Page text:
Bergman's candid look at his films

February 27, 1994|By George Grella

Title: "Images: My Life in Film"

Author: Ingmar Bergman; translated from the Swedish by Marianne Ruuth

Publisher: Arcade

Length, price: 448 pages, $27.95 Although he has officially retired from filmmaking, the Swedish director Ingmar Bergman remains a forceful and eloquent figure in international cinema, and his books and films, for better or worse, continue to impress and influence a new generation of artists and audiences.

He occupies a special place in the world of film, a height of intellectual and artistic eminence, where he resides as a genuine cultural icon. He ascended to that position, of course, through a long and prolific career spanning about 40 years and 50 movies. Many are regarded as masterpieces, an achievement that few artists in any medium could claim.

His remarkable early works, which surfaced in this country in the 1950s, the heyday of foreign films, drew a devoted following in college towns and art houses -- who can forget the impact of "The Seventh Seal"? -- and the attention of the more rarefied critics.

When he discovered in himself some rather rudimentary questions about religious faith, he paraded the pageant of his troubled soul across the screens of larger theaters, his admirers multiplied, and a new Bergman flick became an occasion for rejoicing in the slick magazines. Like a few other directors -- Orson Welles and Robert Altman, for example -- he attracted insecure and pretentious American actors, who would work for him so they could bask in the reflected glory and spilled-over intellectualism of a Real Artist of the Cinema; hence, Elliott Gould and David Carradine, if you can imagine that, starred in some ill-fated Bergman ventures.

In "The Magic Lantern," his first excursion into autobiography, Ingmar Bergman followed the more or less orthodox path of recollection, dwelling mostly on matters of fact and spending more time on his theatrical than his cinematic work, and often on subjects more interesting to Swedish than American readers.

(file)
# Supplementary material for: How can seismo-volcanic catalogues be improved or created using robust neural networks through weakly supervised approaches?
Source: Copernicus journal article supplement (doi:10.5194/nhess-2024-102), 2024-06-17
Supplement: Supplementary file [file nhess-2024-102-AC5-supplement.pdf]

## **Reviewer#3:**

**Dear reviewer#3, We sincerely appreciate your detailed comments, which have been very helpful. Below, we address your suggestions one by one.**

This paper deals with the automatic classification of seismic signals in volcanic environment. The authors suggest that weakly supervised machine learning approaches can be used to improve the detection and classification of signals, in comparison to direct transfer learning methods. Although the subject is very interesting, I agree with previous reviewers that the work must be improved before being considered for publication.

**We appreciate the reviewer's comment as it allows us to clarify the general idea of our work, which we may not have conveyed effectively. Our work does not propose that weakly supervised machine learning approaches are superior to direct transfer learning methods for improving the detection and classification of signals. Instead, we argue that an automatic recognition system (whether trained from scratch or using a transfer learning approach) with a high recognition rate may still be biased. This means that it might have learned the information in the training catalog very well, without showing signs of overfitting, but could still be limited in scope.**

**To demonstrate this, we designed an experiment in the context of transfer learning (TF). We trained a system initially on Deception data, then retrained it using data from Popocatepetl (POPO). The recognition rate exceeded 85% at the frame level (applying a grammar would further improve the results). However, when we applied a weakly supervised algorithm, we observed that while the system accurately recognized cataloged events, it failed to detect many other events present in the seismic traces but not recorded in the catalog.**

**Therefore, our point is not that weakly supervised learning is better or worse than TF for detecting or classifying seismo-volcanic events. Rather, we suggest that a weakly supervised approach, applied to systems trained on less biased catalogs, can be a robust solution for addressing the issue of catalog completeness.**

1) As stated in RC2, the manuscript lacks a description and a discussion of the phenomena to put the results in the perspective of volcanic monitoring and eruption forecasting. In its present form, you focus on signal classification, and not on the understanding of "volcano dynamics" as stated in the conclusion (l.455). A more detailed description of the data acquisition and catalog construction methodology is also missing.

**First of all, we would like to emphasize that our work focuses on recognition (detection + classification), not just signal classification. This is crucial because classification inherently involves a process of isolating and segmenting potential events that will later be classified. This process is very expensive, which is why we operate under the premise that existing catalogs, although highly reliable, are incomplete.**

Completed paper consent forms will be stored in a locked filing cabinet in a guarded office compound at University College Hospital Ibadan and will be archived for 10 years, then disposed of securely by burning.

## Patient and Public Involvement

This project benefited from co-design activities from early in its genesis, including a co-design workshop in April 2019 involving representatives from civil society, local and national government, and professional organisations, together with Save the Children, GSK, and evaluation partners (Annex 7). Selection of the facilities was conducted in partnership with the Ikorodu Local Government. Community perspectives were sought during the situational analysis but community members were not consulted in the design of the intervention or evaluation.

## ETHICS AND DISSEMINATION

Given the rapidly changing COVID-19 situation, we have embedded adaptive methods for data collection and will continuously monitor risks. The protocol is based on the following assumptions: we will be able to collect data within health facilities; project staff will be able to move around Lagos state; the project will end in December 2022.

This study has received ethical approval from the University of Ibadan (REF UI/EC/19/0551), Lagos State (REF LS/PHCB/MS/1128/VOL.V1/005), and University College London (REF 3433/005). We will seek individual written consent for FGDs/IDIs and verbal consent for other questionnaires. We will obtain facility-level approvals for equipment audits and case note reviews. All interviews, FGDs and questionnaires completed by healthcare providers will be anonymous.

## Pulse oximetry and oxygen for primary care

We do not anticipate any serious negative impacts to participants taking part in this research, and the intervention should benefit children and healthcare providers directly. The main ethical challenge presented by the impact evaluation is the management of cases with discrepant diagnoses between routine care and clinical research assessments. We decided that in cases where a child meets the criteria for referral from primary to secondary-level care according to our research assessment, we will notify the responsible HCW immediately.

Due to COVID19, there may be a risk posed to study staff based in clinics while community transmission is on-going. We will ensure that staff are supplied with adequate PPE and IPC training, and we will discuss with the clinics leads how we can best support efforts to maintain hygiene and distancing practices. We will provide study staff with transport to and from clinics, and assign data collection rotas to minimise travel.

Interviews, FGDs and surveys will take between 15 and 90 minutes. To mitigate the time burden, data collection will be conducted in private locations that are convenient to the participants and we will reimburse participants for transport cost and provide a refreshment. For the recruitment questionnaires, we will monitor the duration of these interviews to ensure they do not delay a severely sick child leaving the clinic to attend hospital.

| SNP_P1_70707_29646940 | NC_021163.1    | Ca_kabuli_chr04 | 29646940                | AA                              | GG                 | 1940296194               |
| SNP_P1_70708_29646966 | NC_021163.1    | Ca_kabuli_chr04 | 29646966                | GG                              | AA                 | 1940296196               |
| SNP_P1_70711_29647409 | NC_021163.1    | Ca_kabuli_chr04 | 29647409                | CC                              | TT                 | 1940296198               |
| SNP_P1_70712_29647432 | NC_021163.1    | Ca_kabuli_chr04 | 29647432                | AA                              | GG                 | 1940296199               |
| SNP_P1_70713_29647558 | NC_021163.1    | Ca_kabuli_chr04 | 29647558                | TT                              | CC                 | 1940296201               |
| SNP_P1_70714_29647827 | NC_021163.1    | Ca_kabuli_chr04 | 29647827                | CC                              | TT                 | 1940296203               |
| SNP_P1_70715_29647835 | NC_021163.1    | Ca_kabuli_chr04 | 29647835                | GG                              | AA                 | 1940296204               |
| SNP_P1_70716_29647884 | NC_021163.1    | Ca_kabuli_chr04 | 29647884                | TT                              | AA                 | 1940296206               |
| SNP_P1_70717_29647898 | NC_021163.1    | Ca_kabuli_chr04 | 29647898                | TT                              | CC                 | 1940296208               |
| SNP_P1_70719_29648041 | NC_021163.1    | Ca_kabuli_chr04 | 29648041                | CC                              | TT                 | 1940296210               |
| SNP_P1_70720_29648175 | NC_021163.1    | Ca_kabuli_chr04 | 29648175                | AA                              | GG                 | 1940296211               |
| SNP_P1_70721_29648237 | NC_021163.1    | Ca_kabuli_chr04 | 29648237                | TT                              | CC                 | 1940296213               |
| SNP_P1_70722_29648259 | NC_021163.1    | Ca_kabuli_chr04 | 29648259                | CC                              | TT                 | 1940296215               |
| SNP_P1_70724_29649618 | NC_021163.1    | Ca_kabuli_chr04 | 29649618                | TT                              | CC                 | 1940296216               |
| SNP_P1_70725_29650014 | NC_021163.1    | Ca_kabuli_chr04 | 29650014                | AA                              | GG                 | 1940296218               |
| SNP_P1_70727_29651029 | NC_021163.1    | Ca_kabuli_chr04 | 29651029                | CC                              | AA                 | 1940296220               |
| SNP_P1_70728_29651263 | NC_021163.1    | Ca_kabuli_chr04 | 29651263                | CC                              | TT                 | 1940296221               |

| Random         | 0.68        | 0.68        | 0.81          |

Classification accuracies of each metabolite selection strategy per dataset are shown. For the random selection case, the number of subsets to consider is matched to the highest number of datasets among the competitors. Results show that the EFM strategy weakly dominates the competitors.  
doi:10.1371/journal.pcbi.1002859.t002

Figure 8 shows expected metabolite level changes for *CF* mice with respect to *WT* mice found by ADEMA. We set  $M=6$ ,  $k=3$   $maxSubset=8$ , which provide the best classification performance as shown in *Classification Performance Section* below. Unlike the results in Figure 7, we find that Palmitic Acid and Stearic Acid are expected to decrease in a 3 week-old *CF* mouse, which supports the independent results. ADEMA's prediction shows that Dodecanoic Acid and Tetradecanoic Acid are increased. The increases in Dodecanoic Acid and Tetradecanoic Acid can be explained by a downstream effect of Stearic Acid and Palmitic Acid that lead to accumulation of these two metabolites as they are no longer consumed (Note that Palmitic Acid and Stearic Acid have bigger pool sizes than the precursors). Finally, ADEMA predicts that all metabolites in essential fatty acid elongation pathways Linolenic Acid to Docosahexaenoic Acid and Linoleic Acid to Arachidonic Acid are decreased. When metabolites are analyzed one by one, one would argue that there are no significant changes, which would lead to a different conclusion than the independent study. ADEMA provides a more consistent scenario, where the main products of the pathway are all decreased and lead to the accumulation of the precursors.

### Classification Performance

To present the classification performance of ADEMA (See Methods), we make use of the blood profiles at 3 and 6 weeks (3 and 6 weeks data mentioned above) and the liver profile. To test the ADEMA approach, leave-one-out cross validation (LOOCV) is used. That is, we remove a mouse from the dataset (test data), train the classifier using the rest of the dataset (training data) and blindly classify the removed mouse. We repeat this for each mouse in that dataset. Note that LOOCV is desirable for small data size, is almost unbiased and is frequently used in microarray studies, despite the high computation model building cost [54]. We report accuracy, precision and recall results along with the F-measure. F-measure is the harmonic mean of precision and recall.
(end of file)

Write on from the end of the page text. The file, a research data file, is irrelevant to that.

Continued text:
His latest book, as its subtitle tells us, deals with a much more widely known aspect of his career. It should appeal to that much larger audience of scholars and critics, viewers and reviewers, fans and admirers.

Those interested in a chronological discussion of the director's "life in film" or even a sense of the development of his talent should look to the many critical studies of his career. In "Images," Mr. Bergman chooses an impressionistic approach to his subject, grouping his films by connections and under rubrics of his own devising, and jumping back and forth through time and space.

He begins, for example, with a section devoted to several of his most famous works, including "Hour of the Wolf," "Cries and Whispers" and "The Silence," which actually belong to the middle and later stages of his career. He discusses some earlier titles quite late in the book, unabashedly confesses to making some movies simply for the money, but offers no explanation for barely mentioning or even omitting some others.

In its methods, content and tone, however, the book, like it or not, quite wonderfully resembles an Ingmar Bergman movie -- alternating light and dark in mood as well as appearance, elliptical in method, elusive and highly personal in meaning. Although he often recounts the particular circumstances, difficulties and technical problems involved in making many of -- his movies, he is really more interested in their emotional and RTC spiritual context.

Whatever their nominal origin in a story or a script, his works

usually germinate in the darkness of his own troubled spirit, growing out of his own peculiar obsessions, memories and dreams, odd flickers of ideas from the journals he shares with us, or moments from the childhood that continue to haunt him.

Despite his early success and the generally free hand he was allowed as a favored director, Mr. Bergman recognizes the collaborative nature of film. He expresses gratitude toward the many people who helped him, from the producer who tolerated his ineptitude and began to instruct him in his craft to his legendary cameraman, Sven Nykvist.

He constantly praises the remarkable actors who embody his characters, among them some celebrated international stars -- Gunnar Bjornstrand, Max von Sydow, Ingrid Thulin, Bibi Andersson, Liv Ullman, Lena Olin. He offhandedly recounts random details about his many marriages, though he never names any of his children, and assumes his readers know of his habit of forming liaisons with his beautiful and talented leading ladies.

Accompanied by an admirable filmography and illustrated with stills from his films and photographs of the director at work, the book's real value derives from the director's perspective on his own works.

He candidly discusses the films, including soap commercials, that he made strictly for money -- "I have always found it difficult to feel resentment when industry comes rushing toward culture, check in hand" -- which may affront certain film aesthetes.

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